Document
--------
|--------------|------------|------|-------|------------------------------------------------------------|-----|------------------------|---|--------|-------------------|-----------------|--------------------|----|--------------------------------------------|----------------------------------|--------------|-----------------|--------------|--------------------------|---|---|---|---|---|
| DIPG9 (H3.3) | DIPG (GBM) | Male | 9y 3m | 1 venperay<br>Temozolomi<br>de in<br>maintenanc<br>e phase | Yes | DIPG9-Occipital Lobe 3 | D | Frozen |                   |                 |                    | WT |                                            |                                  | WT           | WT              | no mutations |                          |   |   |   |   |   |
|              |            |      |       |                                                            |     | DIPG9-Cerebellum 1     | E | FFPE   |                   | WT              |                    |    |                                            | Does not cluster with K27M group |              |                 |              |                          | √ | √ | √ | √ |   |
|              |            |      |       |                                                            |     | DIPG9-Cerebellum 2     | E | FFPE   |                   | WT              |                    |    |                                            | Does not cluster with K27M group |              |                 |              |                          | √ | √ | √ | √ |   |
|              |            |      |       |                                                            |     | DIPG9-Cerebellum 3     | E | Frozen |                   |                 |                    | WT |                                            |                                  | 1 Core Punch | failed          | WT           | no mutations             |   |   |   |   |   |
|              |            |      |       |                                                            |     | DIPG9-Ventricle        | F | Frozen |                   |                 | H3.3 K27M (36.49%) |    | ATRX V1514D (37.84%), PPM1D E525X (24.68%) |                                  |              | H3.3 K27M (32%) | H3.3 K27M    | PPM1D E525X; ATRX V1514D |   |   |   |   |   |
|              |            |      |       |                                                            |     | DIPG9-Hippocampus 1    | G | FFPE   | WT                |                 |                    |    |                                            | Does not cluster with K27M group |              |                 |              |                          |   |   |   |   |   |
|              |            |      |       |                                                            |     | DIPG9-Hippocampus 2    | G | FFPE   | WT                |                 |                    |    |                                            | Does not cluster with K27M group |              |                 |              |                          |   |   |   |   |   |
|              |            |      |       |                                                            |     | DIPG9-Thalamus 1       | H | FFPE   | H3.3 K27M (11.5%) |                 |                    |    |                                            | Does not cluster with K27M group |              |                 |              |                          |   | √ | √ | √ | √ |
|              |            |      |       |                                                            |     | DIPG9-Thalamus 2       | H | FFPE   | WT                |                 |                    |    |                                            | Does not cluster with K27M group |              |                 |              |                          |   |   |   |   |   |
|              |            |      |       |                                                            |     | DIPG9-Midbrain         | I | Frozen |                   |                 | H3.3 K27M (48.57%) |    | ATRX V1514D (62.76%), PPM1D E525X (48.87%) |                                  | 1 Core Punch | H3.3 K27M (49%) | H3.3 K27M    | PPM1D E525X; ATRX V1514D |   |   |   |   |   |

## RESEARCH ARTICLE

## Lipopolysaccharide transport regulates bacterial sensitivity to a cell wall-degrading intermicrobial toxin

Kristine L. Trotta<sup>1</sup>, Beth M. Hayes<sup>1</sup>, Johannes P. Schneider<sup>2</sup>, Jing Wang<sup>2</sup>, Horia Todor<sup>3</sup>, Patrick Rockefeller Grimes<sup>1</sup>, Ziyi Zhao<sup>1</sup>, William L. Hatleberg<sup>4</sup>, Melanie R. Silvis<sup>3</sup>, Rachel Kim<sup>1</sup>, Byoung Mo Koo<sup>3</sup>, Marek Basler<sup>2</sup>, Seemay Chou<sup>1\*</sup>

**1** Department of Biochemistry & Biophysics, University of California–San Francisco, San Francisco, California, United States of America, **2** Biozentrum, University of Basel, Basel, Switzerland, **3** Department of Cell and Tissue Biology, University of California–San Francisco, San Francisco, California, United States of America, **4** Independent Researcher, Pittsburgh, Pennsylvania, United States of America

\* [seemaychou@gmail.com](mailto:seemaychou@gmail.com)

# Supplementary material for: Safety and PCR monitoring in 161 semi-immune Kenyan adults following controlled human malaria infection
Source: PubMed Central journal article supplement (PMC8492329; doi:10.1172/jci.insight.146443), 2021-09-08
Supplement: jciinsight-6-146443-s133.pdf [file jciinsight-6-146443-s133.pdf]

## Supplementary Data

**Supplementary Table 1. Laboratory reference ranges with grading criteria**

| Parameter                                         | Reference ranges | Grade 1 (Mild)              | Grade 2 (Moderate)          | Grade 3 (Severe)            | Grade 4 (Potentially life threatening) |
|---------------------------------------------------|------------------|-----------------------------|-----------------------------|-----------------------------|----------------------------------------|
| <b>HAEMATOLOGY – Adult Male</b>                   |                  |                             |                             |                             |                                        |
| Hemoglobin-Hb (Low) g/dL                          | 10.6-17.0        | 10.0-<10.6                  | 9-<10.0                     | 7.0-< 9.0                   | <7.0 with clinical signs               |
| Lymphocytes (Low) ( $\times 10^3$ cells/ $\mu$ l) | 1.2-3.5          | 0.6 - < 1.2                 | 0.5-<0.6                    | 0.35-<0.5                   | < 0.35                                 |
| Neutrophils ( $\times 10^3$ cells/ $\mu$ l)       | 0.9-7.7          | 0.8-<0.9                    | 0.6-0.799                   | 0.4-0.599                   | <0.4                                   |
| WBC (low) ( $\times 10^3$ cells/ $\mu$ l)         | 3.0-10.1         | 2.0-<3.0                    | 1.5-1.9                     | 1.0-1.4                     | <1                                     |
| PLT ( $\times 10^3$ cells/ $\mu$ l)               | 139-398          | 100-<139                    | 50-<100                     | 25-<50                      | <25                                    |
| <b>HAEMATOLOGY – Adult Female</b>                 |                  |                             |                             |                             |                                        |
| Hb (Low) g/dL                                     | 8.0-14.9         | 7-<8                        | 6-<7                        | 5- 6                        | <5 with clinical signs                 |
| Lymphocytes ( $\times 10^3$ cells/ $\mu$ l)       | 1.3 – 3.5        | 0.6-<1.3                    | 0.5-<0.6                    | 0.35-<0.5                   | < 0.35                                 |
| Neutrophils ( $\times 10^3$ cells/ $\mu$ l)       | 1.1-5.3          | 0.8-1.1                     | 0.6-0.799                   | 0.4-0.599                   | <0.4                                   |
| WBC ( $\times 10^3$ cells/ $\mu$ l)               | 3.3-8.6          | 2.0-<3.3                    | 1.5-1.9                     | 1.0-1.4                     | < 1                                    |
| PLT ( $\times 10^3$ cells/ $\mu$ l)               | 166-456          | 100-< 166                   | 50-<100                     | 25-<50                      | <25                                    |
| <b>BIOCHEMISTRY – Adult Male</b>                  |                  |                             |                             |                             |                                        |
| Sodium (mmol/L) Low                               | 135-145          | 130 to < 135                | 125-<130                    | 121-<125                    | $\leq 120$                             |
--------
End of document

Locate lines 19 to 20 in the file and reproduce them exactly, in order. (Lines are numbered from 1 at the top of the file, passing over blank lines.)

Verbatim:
Supplement: jciinsight-6-146443-s133.pdf [file jciinsight-6-146443-s133.pdf]

## Supplementary Data